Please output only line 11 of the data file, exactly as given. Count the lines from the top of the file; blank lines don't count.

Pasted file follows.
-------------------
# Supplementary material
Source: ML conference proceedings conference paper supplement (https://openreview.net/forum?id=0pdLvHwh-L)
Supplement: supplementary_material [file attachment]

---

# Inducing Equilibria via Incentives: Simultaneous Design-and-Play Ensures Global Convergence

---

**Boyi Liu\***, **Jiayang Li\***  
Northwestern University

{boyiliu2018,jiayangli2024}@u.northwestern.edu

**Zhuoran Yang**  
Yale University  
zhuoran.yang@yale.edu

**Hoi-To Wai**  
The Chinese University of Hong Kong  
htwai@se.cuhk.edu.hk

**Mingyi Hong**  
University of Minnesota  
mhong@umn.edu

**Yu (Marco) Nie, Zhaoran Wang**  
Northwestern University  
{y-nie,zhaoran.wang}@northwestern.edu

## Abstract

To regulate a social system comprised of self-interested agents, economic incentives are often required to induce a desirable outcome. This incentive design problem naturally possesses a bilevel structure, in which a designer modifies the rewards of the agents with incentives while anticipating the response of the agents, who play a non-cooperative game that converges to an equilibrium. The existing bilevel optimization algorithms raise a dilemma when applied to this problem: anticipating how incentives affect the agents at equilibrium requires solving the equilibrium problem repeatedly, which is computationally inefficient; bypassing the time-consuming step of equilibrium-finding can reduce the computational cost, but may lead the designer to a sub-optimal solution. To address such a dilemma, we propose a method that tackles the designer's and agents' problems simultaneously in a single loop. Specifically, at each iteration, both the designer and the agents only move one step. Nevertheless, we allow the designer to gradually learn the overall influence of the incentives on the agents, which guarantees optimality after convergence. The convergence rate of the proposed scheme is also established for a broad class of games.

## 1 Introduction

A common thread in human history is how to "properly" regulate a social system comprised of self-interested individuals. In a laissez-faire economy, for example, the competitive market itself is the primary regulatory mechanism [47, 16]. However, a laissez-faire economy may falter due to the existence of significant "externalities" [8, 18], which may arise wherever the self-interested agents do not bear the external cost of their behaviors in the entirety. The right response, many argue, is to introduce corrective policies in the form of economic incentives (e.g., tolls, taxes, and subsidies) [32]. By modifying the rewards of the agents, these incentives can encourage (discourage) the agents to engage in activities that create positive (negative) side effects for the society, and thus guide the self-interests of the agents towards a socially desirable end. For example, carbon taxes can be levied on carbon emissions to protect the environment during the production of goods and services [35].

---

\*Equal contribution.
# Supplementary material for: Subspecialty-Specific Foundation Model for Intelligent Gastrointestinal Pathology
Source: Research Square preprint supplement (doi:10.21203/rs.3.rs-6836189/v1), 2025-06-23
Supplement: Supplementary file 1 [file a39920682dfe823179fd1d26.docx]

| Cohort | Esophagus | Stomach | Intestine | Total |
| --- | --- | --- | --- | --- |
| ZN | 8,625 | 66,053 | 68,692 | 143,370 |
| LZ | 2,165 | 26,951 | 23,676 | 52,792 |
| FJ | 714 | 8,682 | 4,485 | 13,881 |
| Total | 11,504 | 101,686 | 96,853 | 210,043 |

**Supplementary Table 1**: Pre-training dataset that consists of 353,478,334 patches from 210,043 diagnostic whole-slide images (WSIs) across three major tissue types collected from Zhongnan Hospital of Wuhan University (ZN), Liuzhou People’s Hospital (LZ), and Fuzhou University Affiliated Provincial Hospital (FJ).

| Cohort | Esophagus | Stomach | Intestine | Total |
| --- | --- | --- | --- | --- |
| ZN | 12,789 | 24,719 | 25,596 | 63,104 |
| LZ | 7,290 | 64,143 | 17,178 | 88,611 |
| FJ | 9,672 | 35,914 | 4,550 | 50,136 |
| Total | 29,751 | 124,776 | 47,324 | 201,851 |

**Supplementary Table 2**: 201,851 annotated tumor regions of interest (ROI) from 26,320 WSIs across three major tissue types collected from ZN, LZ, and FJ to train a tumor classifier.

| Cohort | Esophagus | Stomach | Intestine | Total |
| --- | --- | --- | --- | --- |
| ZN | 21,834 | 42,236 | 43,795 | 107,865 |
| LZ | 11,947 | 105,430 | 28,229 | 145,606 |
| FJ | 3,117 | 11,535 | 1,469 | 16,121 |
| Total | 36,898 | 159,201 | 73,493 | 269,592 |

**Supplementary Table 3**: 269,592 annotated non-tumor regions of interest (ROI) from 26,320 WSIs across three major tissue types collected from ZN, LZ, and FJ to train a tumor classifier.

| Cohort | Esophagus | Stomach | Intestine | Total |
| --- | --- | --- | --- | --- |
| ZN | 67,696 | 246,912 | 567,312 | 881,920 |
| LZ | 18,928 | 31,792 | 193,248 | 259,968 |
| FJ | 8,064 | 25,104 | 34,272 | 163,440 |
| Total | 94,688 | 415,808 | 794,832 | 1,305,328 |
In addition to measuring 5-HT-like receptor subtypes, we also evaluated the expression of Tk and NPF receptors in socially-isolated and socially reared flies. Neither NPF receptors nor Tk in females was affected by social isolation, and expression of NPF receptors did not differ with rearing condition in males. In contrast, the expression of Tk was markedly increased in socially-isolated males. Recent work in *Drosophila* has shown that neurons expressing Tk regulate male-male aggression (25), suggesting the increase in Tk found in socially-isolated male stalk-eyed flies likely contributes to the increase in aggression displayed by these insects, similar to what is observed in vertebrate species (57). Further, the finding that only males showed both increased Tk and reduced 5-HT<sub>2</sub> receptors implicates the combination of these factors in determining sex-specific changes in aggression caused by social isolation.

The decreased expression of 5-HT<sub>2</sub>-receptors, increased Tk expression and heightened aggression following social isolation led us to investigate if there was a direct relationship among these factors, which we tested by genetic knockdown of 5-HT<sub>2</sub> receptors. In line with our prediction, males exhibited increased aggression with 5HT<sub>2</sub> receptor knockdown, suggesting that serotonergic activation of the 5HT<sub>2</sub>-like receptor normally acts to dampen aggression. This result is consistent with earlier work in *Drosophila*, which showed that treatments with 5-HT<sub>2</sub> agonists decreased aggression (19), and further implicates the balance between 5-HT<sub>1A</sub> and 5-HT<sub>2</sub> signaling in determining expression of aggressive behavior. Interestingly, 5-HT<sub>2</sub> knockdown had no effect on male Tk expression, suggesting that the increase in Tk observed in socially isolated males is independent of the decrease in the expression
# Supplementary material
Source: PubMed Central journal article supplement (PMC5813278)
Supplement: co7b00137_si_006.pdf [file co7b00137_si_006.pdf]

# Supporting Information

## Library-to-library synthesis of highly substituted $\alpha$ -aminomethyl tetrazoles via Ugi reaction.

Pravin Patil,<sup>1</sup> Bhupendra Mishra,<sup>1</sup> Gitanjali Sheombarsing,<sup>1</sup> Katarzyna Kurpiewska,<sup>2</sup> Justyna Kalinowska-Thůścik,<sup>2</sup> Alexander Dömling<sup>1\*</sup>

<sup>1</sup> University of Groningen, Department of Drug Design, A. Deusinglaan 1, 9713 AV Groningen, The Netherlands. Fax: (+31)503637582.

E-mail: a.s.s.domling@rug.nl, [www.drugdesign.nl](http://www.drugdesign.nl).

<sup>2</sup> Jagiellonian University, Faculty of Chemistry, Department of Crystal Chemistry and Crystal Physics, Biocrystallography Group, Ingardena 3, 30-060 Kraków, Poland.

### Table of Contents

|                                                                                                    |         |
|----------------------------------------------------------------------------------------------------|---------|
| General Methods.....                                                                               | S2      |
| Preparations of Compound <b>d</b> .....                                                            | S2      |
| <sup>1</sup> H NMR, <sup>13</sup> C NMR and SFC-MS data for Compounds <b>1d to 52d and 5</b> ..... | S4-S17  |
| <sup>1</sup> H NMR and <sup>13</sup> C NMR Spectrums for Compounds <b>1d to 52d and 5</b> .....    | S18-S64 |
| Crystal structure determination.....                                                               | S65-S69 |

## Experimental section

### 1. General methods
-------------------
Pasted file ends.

Yale University  